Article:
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A well-organized rehearsal period will help ensure everyone on your production feels productive and efficient. You want to have a clear plan of how each person on the team is going to use the allocated time to bring the production to life. First rehearsals often set the tone for the entire process so you want to prepare as much as you can for a joyful and fulfilling rehearsal period. Structure frees up the brain and the heart to enable the creative process!
Begin to think about the rehearsal phase of your production well before the first day. You want to bring together your creative team with your Production Manager and Stage Manager to build the rehearsal schedule one to two months in advance depending on the duration of your rehearsals and run of performances. Circulate a rehearsal schedule for the period covering the First Day through to Opening Night, so that everyone is on the same page about how the time you have together is to be spent. Good communication around availability and conflicts demonstrate respect for everyone’s time.
Your Rehearsal Schedule should include as many of the following details as available: date and time, location, scene and type of rehearsal, company members called and specific call times if applicable. Once you have an overall schedule in place for your rehearsal period, the Stage Manager is responsible for coordinating and communicating any adjustments or revisions once rehearsals begin.
Some of the landmarks you may want to include in your rehearsal schedule include:
- First Day
- Designer Presentations
- Table Reading
- Music Rehearsal (if applicable)
- Blocking Rehearsal
- Dance/Choreography Rehearsal
- Fight Choreography/Intimacy Staging Rehearsal
- Off-Book date
- Tech Week
- Spacing Rehearsal (in venue)
- Technical Rehearsal
- Cue to Cue (Q2Q) Rehearsal
- Final Run-Throughs
- Media/Photography Calls
- Dress Rehearsal (Private, Invited Audience, Final)
- Opening Night
Once rehearsals have started, Stage Management is responsible for producing a daily rehearsal report. This form report contains notes that arise out of each days’ rehearsal that affect other departments (sound, lighting, costumes, set, front of house, etc). The template varies depending on the Stage Manager, but generally contains date and timings of rehearsal (including breaks), cast and team members present, what was worked on, design-related questions that came up, and any incidentals - such as injury or damage to production elements that need repair. After rehearsal, the stage manager checks in with the director to ensure all the productions notes that arose are included in the report. Then the report is circulated to department heads and posted in the space for the cast and production team.
Tech Week (Technical Week) refers to the week before opening night when all the technical elements of the production come together (set, costumes, props, lighting, sound, projections, etc) for the first time since rehearsals began. It is usually marked by the first day in the actual venue for the run of the production. At this point the technical elements should be fully constructed and the performers should be comfortable in their staging and memorization to incorporate those elements. It is also the time when the technical crew join the rehearsal process and practice their duties within the performance. A lot is being accomplished during tech week as practical challenges with technical elements are discovered and troubleshooted, it is critical that the entire creative team is available for this period.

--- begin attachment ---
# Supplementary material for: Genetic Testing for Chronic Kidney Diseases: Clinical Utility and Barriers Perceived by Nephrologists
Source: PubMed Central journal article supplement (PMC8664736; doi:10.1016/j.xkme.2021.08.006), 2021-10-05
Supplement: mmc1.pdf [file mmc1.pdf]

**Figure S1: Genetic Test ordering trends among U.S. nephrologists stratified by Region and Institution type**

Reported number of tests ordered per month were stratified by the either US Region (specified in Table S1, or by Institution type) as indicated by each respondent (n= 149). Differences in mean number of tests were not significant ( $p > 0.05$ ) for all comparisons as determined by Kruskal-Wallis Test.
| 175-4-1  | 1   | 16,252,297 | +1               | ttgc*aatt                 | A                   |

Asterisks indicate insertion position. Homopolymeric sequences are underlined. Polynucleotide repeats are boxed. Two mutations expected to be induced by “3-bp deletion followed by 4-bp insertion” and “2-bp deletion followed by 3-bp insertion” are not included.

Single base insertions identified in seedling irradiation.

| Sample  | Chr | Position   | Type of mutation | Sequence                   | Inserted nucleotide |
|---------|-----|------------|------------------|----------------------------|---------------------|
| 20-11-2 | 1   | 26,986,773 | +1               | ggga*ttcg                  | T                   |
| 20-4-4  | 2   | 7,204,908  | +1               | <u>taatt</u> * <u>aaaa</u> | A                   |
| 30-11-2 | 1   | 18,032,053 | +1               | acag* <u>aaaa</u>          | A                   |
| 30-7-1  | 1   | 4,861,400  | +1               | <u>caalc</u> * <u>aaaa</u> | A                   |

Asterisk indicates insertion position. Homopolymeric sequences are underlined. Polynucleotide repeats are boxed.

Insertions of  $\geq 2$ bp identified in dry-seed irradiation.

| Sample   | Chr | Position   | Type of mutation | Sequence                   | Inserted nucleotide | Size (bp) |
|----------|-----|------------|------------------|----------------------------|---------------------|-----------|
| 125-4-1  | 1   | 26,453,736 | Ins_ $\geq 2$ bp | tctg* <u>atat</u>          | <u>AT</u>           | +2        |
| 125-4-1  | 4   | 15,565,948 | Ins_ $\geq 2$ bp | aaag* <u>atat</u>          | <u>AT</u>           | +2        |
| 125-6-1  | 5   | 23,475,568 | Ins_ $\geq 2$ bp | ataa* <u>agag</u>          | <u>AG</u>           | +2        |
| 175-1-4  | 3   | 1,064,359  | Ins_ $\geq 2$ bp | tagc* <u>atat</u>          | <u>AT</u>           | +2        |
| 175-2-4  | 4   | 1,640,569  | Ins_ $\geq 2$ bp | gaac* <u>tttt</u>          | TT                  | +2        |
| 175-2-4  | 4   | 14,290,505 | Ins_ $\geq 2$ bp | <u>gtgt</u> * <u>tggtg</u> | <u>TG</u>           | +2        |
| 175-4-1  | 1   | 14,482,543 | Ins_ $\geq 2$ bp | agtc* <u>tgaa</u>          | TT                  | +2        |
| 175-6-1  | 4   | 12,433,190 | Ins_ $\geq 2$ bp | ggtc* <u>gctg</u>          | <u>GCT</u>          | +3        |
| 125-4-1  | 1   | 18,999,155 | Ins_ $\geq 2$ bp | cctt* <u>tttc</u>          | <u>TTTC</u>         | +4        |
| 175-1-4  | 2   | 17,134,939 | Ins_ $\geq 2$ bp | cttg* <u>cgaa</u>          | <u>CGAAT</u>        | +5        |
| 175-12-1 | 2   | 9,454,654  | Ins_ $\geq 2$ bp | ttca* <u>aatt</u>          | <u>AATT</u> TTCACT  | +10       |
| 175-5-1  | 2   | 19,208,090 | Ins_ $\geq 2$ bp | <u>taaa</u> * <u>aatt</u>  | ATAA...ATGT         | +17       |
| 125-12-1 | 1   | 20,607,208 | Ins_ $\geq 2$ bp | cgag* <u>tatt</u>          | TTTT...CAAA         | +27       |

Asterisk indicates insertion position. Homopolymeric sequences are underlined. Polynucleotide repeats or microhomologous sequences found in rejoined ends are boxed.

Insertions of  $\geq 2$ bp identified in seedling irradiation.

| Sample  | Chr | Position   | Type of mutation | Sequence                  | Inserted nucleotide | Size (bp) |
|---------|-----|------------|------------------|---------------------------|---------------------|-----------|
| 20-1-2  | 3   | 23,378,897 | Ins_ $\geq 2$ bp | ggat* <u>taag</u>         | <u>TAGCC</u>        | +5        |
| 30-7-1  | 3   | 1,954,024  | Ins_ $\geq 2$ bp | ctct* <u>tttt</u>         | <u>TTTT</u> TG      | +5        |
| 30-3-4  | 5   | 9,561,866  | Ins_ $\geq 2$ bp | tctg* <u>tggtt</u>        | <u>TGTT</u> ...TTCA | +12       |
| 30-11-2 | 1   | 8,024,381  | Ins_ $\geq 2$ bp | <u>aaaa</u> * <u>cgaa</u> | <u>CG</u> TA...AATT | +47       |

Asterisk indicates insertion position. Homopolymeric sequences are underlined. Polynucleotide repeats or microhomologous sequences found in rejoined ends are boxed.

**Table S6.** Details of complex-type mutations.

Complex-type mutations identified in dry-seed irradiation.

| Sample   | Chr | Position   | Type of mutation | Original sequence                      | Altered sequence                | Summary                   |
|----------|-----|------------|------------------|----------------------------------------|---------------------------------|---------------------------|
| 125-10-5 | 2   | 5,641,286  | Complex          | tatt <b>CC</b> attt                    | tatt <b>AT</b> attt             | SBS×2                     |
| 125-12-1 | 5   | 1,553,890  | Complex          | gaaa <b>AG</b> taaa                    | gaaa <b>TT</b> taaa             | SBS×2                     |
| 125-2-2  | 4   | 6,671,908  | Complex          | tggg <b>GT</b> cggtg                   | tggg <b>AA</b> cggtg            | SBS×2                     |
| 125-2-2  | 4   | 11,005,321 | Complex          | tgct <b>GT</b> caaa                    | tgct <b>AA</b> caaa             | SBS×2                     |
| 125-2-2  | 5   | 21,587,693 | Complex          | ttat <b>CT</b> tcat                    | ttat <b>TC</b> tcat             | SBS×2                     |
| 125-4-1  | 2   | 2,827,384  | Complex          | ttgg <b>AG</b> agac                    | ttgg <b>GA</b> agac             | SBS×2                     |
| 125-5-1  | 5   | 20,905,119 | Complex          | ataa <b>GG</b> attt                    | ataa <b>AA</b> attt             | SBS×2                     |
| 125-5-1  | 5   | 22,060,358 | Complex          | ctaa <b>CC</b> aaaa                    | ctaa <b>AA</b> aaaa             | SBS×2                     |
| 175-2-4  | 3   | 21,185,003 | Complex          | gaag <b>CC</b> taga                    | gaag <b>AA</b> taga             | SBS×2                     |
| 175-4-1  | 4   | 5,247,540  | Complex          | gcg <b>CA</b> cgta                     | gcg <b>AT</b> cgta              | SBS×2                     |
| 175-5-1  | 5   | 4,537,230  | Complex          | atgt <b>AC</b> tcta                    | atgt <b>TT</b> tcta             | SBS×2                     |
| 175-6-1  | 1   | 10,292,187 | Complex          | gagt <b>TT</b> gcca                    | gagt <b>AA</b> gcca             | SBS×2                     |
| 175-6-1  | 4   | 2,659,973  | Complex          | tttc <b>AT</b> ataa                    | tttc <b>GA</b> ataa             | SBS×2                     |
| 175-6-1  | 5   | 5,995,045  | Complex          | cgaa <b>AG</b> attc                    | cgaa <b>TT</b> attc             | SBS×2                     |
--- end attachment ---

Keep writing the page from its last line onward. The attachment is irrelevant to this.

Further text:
Paper Tech is a technical cue-by-cue run-through of the entire show on paper without any actors or technical equipment. Heads of all the design departments (Sound, Lighting, Costume) will meet with the Director and Stage management as they go over every cue of the show. This is traditionally organized by the Stage Manager in advance of any technical rehearsals in the venue.
Dry Tech (also referred to as "Level Set") is a rehearsal in the venue with all technical equipment, props, and costumes, but without performers. Depending on the technical scope and scale of the show a Dry Tech could last a couple hours to a couple days. Each designer and department head will run their part of the show. This is also a chance for any stage hands to become familiar with the flow of the performance. Usually it consists of the lights and sound being cued in sequential order, fixing any problems along the way such as volume, speaker placement, brightness, angle, framing, or position.
In addition to preparing the rehearsal schedule, there are also important things to consider about your rehearsal venue:
- Is it located somewhere that makes sense for the people involved?
- Are there physical barriers that impact accessibility?
- What accommodation is needed by participants with disabilities?
- How similar to the actual performance space do you require it to be in terms of square footage and ceiling clearance?
- Will you need special implements such as a dance floor or rehearsal piano?
- Is it a shared space, where other people will be using it when you are not there? Will you require storage to keep all your rehearsal materials at the end of each day?
- Is there access to washroom and water facilities?
Once you have identified a suitable rehearsal venue, work together with the Stage Manager to determine what preparation of the actual space is required:
- Do you require tables and chairs for the director and stage management?
- Is the space accessible? (equipped with ramps, wide enough doors, an accessible washroom, etc.)
- Do you require a props table?
- Do you require rehearsal furniture?
- Do you require a clothes rack for rehearsal clothes or costumes?
- Do you need to tape down a ground plan for the set?
- Do you need a space to display set and costume renderings for reference during rehearsal?
- Is this an equity engagement that requires an equity cot?